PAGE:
politics v economics

The explanatory core of third generation political economy has increasingly come to focus on how interests, incentives and institutions shape and explain both how agents behave and the political processes and practices that affect development outcomes.

The net effect has been to transform the analysis of politics into the economics of politics. And, by effectively reducing politics to a form of ‘market’, much recent political economy misses what is distinctively political about politics – power, interests, agency, ideas, building coalitions and the impact of contingency.

Political analysis on the other hand takes politics, power and agency much more seriously. Unlike second and third generation political economy, political analysis enables one to dig down to the level of messy, everyday politics.
This is where there are competing ideas, interests, values and preferences; where specific groups and interests struggle over the control, production, use and distribution of resources; where conflict is negotiated; where bargains are struck; and where formal and informal political settlements, alliances and coalitions are made and broken. Here politics collapses and violent conflict can break out; institutions are contested, shaped, implemented, avoided, undermined or amended; contingency, critical junctures and windows of opportunity disturb old patterns or open up new possibilities and – crucially – here the different players use different sources, forms, expressions and degrees of both de jure and de facto power.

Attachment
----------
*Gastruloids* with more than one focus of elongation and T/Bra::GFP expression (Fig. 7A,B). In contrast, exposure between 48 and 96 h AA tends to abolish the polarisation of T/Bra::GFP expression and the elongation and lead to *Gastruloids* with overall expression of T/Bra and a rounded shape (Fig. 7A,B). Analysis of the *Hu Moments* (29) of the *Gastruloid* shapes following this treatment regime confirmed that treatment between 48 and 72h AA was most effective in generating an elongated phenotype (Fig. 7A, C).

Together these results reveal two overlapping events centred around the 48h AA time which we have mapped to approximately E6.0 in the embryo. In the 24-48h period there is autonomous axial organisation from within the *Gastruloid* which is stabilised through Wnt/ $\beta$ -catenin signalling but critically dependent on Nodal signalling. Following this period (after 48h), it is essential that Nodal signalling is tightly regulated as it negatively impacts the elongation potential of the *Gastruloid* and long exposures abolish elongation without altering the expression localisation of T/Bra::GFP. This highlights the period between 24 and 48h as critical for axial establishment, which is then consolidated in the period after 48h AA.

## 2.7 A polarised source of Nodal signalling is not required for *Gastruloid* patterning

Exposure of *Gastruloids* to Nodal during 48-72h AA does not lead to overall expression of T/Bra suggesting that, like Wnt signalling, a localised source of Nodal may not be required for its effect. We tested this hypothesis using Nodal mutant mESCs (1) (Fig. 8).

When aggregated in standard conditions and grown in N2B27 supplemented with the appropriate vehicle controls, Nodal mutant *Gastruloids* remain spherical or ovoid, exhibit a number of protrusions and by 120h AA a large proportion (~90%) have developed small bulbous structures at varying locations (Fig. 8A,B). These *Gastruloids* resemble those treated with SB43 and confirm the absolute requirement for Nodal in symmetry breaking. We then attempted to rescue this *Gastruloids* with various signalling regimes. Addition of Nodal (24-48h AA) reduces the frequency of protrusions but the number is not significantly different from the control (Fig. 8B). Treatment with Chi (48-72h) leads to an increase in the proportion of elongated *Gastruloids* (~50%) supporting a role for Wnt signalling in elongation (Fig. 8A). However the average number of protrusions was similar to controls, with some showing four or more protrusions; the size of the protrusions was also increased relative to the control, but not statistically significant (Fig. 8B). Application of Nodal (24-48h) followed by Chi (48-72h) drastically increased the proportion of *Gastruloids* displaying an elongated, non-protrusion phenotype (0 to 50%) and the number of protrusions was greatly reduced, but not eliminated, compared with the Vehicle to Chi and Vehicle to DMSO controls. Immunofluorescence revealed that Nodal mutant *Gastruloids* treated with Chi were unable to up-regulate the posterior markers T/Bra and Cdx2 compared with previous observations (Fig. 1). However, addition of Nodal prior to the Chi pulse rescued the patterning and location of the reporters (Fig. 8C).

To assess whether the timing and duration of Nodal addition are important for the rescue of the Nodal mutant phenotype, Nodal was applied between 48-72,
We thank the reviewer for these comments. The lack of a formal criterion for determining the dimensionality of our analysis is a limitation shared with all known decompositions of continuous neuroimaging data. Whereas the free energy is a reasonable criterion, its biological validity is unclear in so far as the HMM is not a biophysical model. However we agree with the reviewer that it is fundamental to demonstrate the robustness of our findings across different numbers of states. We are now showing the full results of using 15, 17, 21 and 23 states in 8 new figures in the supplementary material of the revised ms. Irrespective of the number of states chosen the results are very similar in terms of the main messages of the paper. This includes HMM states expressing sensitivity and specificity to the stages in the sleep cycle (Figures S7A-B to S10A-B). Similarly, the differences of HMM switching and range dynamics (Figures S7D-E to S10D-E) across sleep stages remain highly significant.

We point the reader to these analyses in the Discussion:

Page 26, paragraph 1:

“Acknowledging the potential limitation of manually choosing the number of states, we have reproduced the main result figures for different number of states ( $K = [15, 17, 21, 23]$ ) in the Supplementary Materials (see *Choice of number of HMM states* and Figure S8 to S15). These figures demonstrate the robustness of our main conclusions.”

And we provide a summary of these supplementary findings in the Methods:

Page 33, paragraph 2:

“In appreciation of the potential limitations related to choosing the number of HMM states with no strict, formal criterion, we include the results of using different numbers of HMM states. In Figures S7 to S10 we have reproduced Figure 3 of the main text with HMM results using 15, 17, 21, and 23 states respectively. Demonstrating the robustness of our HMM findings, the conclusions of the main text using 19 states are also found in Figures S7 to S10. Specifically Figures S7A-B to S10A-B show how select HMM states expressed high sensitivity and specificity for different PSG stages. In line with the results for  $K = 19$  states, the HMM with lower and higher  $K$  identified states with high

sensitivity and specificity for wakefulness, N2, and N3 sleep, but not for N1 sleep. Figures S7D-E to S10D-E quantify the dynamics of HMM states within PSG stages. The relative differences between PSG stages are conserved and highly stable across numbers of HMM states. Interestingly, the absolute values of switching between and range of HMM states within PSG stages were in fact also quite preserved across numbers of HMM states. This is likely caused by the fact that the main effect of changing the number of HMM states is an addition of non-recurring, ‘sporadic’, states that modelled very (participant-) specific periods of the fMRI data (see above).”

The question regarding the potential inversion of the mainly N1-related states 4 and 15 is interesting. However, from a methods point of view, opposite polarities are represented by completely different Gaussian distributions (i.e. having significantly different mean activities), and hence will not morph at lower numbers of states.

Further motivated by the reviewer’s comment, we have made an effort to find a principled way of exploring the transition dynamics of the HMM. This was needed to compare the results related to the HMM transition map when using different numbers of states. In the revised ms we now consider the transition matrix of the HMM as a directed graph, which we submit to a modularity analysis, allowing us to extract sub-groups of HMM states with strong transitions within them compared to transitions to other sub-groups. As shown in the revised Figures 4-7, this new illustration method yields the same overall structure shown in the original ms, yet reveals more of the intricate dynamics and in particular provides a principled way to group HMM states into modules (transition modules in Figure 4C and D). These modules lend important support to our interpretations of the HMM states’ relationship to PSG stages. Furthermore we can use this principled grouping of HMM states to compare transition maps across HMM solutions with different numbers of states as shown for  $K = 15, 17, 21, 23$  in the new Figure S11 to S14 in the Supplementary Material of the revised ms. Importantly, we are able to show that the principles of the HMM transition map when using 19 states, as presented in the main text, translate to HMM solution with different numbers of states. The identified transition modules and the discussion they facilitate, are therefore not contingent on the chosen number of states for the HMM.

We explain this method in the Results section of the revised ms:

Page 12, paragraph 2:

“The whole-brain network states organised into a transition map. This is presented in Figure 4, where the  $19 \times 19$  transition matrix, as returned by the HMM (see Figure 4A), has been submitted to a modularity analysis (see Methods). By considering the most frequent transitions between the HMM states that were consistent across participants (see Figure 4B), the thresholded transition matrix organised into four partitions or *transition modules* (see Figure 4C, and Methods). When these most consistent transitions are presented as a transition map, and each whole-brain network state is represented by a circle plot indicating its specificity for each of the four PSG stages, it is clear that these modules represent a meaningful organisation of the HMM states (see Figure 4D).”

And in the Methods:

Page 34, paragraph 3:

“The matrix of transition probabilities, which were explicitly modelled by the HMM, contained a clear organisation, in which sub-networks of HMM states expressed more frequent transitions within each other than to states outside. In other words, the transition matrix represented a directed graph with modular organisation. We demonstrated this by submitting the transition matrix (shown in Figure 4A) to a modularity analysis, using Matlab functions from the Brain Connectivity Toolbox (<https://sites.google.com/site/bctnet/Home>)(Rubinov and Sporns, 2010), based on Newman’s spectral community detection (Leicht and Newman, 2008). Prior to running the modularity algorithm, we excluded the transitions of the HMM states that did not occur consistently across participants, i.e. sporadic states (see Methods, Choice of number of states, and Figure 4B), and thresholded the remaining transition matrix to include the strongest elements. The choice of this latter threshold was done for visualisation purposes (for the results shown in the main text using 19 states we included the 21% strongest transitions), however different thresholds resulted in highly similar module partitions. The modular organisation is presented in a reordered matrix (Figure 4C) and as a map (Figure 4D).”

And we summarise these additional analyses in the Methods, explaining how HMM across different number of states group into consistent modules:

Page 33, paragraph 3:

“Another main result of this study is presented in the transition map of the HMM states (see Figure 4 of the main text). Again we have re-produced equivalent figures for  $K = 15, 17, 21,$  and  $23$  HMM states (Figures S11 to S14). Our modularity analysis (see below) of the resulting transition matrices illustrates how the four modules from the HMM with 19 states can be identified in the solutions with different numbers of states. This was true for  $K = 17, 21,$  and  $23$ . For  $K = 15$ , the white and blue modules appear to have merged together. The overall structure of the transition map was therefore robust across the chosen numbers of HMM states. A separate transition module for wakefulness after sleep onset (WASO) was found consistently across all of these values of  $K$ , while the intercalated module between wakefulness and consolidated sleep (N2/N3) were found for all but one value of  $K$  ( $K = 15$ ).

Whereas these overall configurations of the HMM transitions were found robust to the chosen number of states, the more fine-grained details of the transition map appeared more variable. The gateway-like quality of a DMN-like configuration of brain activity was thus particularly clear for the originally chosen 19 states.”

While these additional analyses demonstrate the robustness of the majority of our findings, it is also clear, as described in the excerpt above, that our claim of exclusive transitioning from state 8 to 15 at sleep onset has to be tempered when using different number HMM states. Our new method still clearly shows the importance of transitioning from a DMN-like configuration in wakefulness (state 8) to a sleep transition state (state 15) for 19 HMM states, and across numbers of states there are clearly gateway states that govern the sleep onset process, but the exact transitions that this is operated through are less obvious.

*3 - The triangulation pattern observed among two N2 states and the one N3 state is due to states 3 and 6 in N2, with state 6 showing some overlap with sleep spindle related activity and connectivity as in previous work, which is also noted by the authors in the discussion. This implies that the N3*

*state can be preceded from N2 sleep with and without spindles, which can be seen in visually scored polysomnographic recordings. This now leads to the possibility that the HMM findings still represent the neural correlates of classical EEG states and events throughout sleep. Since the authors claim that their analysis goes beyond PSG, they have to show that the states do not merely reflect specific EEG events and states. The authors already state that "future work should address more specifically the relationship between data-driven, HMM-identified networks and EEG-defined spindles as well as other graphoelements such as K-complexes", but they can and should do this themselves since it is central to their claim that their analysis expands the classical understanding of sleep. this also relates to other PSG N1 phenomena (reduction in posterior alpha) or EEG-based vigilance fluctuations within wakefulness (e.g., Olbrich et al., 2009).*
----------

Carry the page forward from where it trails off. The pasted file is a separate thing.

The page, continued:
There is now a growing realisation that we need to refocus not simply on ‘big structures’ but also on actors – in short, agency, defined as the ability of individuals, organisations and groups of collective actors to consciously deliberate and act strategically to realise their intentions, whether developmental or not. But, whether individual or collective, agents do not work politically in a limitless, structureless and institution-free plane of open possibilities.

The structural and institutional contexts of power – formal and informal, local and external – always and everywhere consti­tute constraints. However, while structures new-yorker-keep-things-precisely-as-they-areand institutions are constraints, they are not destiny. People, groups, organisations and coalitions do not move in unison, like reeds in the wind, to a change of incentives.

Structures and institutions provide opportunities and resources that agents can use – and hence also provide room for manoeuvre. The point is that structures and institutions of power not only constrain political actors, but can also provide the resources which they, as agents, can find and use to initiate or bring about change.

Political analysis does not ignore interests, incentives or institutions, but goes further and deeper. It differentiates and disag­gregates interests, ideas, incentives and institutions, and also has the analysis of power (and the sources and forms of power) at its core.

Political analysis focuses on how the structures and institutions of power shape how agents behave, and how they do or can strategise, frame, generate, use, mobilise and organise power and institutions to bring about domestically owned deliberation and appropriate change in the politics of development.